NEWARK, N.J. – A doctor and three people associated with a pharmacy were charged today with their respective roles in defrauding the federal workers’ compensation program in a $10 million scheme involving illegal kickbacks and medically unnecessary prescriptions for pain creams, U.S. Attorney Craig Carpenito announced.
Mark Filippone M.D., 71, of Wallington, New Jersey; Joseph Miller, 33, a/k/a “Joseph Vangelas,” of Fort Lee, New Jersey; Marlene Vangelas, 58, of River Vale, New Jersey; and Zachary Ohebshalom, 33, of Edgewater, New Jersey, were each charged by complaint with one count of conspiring to commit health care fraud and one count of violating the federal anti-kickback statute. The defendants are scheduled to appear this afternoon before U.S. Magistrate Judge Michael A. Hammer in Newark federal court.
According to documents filed in this case and statements made in court:
Beginning in November 2015, the defendants conspired to obtain more than $10 million in health benefits from the federal workers’ compensation program by prescribing and dispensing expensive, but medically unnecessary, pain creams. Filippone treated hundreds of now-former U.S. Postal Service employees for injuries they purportedly suffered on the job. He allegedly facilitated their disability claims by submitting forms and medical reports to the Department of Labor, Office of Workers’ Compensation Program, for patients who traveled from as far away as Florida and Georgia to see him.
Filippone also prescribed expensive topical pain creams, which were not needed or wanted by many of his patients. The complaint alleges that Filippone steered these prescriptions to a pharmacy in Fairlawn, New Jersey, which was owned and operated by Miller and Vangelas, who, along with Ohebshalom, directed their pharmacists to mine reimbursement rates within the federal workers’ compensation program for the ingredients of the pain creams in order to determine the most lucrative formulations. The trio then printed prescription labels for Filippone to use with his patients. Dr. Filippone used the pre-printed labels and sent the prescriptions back to Miller, Vangelas, and Ohebshalom. In order to induce Filippone to prescribe the medically unnecessary pain creams in the exact formulations they wished to obtain, Miller and Vangelas purchased Filippone’s medical office for above fair market value, and then permitted Dr. Filippone to continue to use the premises, for which he routinely failed to pay rent. Miller, Vangelas, and Ohebshalom conspired to leverage the property to force Filippone to continue to send prescriptions to their pharmacy. Filippone continued to feed prescriptions to the pharmacy, so long as Miller and Vangelas permitted him to remain rent-free in the property.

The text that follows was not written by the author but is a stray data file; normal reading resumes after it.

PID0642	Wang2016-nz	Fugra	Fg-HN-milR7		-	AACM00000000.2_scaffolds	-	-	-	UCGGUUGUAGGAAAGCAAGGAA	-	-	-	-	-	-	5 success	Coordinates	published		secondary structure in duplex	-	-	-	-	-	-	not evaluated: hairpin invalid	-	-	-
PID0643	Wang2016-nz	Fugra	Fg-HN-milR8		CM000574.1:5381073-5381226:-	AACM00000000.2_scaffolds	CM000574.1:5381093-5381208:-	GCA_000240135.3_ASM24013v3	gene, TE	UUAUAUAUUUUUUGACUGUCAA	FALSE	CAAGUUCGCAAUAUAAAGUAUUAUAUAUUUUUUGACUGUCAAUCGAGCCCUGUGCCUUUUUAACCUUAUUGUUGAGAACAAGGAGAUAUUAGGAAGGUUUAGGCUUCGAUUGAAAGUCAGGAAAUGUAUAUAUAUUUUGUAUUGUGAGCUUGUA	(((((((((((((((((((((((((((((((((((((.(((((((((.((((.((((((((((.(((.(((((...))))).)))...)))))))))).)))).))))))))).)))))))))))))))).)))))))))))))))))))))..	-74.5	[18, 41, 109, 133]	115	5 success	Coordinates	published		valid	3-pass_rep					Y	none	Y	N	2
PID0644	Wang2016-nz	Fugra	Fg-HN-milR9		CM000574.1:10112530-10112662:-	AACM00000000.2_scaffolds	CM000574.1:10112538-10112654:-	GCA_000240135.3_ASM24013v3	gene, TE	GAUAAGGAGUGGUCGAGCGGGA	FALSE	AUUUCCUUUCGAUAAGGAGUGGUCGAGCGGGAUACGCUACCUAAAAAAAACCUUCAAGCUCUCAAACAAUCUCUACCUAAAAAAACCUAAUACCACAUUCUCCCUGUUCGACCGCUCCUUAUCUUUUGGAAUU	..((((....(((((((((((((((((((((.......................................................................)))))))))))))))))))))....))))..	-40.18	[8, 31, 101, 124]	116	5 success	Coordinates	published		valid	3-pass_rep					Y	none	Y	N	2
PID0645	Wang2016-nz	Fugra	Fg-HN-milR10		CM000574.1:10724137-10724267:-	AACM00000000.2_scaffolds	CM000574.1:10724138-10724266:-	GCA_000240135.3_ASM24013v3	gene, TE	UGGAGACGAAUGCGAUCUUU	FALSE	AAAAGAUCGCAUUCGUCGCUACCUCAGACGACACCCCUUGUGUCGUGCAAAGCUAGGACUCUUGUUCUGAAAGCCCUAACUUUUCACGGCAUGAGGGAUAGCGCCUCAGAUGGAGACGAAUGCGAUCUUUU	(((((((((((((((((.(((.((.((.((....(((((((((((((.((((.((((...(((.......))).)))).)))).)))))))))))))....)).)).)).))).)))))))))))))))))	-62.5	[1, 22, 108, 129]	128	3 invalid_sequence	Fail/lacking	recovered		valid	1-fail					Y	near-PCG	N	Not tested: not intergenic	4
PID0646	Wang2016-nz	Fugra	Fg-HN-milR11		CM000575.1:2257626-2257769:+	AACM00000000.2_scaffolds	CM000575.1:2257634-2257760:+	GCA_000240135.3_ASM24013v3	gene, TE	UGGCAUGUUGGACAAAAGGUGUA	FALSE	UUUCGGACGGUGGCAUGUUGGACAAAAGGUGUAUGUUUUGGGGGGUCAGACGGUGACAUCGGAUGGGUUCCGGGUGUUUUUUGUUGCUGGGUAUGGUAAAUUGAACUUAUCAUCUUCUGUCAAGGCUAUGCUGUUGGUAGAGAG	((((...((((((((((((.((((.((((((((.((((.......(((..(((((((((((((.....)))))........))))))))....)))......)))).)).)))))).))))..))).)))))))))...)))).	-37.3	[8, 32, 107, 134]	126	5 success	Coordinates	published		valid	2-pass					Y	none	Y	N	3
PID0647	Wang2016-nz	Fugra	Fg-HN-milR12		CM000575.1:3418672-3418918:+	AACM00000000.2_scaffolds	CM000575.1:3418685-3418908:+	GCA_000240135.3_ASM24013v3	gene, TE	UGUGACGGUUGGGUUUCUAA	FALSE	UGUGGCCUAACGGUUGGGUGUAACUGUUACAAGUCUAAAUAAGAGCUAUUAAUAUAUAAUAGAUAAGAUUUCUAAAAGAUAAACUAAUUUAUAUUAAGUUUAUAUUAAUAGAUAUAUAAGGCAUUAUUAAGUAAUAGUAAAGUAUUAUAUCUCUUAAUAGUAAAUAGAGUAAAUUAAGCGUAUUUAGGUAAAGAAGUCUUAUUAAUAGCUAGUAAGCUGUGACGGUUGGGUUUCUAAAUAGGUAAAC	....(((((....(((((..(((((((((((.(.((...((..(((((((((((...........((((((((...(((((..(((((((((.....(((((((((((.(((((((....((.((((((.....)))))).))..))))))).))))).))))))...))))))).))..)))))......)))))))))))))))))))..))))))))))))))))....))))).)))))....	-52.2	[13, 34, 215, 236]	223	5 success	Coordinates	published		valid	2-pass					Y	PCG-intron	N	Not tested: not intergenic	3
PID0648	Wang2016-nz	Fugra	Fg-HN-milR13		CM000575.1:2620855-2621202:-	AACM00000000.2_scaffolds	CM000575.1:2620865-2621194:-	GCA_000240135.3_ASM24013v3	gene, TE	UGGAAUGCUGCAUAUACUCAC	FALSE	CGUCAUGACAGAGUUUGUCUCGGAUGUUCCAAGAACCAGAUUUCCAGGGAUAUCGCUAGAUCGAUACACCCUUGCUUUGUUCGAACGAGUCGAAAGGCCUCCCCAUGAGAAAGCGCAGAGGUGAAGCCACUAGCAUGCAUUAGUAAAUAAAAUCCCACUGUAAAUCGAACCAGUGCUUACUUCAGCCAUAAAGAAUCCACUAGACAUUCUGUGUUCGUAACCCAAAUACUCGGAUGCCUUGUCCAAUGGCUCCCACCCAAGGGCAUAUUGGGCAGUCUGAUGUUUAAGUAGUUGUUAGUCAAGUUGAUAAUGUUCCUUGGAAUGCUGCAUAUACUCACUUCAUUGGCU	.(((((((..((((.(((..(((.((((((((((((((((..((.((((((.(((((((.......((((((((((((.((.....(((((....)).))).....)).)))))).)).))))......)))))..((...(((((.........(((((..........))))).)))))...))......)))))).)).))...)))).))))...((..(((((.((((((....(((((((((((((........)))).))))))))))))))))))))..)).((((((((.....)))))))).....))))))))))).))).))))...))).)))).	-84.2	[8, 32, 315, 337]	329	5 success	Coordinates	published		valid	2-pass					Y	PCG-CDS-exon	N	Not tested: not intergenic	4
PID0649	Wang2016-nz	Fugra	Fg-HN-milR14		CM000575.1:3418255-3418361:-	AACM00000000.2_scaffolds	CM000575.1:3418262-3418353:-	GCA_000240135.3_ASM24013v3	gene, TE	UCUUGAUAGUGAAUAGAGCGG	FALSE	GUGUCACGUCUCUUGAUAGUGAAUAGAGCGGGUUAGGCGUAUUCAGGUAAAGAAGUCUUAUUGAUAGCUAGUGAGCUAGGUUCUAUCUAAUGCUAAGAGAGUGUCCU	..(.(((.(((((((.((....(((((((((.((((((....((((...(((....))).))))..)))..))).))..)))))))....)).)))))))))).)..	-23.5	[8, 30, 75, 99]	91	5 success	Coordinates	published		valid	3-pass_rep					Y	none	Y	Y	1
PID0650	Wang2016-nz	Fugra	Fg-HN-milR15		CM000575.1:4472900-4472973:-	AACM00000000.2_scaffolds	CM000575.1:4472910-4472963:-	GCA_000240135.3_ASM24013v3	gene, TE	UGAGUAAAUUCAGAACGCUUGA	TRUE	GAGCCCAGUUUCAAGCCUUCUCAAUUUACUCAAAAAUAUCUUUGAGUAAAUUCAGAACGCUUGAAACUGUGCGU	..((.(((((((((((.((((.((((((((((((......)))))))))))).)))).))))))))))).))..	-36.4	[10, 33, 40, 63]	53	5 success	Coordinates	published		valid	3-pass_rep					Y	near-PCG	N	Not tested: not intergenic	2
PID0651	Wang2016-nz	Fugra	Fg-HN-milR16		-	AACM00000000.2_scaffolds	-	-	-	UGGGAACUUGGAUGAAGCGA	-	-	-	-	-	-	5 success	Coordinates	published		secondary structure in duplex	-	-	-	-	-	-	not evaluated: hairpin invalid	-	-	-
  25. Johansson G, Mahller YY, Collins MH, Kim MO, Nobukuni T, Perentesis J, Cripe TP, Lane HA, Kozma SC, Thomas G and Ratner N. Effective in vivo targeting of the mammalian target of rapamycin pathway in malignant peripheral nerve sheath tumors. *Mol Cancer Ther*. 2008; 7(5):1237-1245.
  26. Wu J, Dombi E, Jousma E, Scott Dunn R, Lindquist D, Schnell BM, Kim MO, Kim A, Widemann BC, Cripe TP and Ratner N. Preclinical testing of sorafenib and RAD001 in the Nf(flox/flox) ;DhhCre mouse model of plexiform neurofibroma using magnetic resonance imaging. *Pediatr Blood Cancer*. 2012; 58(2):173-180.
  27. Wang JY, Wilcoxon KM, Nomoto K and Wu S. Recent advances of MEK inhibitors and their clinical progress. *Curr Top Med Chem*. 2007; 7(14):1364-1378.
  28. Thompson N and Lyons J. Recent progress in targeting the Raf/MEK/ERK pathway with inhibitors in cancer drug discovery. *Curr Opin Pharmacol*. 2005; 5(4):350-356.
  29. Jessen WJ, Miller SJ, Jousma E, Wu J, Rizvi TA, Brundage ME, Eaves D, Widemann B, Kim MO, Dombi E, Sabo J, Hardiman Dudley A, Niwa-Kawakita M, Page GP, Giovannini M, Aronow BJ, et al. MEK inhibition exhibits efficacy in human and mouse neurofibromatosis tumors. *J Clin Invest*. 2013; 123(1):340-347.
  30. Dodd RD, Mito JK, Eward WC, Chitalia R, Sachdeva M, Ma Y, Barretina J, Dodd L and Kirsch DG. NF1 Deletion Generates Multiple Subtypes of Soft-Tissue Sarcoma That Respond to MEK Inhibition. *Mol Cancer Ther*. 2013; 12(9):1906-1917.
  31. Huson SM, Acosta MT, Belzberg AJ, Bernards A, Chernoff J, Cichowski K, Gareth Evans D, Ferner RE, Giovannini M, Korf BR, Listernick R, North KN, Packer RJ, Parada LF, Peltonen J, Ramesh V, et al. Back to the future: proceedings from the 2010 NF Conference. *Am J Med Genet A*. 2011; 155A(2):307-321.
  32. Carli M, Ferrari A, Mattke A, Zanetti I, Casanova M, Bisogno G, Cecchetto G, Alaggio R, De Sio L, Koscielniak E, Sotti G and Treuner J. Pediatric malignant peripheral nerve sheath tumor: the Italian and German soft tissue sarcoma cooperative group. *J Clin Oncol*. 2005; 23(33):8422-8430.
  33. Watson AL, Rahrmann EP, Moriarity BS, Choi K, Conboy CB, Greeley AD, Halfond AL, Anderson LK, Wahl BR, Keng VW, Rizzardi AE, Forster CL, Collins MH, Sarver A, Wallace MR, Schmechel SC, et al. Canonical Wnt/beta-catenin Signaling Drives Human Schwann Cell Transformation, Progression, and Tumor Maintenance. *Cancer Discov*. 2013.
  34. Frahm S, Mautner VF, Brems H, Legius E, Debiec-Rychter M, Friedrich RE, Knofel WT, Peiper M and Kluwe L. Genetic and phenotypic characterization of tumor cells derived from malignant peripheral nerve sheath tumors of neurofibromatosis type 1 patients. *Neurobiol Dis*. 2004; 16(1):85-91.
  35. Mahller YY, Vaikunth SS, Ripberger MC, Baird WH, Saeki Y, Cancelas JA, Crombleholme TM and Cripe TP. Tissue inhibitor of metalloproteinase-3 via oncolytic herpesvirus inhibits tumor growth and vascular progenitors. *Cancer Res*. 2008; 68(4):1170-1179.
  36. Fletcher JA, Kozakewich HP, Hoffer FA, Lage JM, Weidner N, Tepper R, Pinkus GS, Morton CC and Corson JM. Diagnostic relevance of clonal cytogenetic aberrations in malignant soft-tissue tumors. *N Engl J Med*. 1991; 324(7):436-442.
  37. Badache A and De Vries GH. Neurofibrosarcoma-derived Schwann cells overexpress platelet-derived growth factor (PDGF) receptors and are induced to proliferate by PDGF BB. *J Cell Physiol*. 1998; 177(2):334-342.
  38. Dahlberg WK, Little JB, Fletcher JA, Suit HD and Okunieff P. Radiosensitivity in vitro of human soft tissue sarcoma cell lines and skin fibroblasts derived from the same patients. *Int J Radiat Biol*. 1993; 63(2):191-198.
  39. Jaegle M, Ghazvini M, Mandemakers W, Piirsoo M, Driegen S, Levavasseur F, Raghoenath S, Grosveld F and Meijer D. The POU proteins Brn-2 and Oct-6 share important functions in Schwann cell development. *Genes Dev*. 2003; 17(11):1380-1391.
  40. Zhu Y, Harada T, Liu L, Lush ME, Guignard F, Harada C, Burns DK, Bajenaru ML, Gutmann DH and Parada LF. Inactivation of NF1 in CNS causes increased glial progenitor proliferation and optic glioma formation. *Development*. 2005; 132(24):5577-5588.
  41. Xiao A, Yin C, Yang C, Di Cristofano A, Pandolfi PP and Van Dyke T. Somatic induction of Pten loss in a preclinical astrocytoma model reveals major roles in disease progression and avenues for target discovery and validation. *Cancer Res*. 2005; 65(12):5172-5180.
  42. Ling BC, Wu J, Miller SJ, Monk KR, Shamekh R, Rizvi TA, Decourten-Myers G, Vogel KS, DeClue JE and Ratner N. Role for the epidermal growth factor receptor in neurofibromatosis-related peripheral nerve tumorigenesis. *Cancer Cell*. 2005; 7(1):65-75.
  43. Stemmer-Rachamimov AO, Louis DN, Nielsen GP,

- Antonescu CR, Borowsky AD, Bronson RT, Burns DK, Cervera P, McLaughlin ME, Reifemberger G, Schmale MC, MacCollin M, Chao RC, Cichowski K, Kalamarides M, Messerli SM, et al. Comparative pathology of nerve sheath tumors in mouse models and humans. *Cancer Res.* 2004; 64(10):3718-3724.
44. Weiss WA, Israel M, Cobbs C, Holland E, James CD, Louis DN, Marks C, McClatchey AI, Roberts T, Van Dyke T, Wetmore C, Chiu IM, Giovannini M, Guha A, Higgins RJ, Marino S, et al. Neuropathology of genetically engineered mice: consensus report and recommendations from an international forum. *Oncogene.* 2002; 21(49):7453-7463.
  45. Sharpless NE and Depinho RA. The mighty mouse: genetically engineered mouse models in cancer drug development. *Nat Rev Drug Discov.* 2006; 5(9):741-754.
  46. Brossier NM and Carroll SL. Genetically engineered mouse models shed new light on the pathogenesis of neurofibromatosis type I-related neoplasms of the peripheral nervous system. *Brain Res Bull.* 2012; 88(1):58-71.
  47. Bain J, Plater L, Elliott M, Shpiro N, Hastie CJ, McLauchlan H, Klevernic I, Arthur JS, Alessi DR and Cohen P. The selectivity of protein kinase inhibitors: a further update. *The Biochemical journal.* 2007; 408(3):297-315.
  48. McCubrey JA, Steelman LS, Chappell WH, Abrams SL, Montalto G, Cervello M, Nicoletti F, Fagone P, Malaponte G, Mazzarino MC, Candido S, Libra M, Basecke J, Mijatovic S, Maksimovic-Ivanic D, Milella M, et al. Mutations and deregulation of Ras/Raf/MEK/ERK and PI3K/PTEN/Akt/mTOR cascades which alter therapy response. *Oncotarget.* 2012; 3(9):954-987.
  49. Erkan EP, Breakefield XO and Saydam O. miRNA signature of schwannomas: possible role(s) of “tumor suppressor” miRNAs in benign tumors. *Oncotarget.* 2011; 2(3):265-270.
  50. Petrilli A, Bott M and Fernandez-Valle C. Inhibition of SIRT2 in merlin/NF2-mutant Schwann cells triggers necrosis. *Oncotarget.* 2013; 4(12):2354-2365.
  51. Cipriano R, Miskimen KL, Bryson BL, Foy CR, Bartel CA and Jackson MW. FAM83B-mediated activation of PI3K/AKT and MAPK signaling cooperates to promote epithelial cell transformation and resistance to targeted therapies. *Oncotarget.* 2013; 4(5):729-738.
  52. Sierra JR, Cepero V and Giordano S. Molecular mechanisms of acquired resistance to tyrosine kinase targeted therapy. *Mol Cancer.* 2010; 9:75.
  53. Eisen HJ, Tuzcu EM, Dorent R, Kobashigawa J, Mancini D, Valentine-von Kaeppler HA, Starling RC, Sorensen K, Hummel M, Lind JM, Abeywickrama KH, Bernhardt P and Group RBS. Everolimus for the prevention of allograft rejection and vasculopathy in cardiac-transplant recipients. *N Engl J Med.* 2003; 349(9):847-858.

The count of conspiracy to commit health care fraud is punishable by a maximum of 10 years in prison; the count of violating the federal anti-kickback statute is punishable by a maximum penalty of five years in prison. Both counts are also punishable by a fine of $250,000, or twice the gross gain or loss derived from the offense, whichever is greater.
U.S. Attorney Carpenito credited special agents of the FBI, under the direction of Special Agent in Charge Gregory Ehrie in Newark; the U.S. Postal Service, Office of Inspector General, under the direction of Special Agent in Charge of the Northeast Area Field Office Matthew M. Modafferi; the Department of Labor, Office of Inspector General, New York Region, under the direction of Special Agent in Charge Michael C. Mikulka; and special agents of IRS-Criminal Investigations, under the direction of Special Agent in Charge John R. Tafur, with the investigation leading to the charges.
The government is represented by Assistant U.S. Attorney David M. Eskew, Chief of the Health Care & Government Fraud Unit in the Criminal Division, Newark.
The charges and allegations in the complaint are merely accusations, and the defendants are presumed innocent unless and until proven guilty.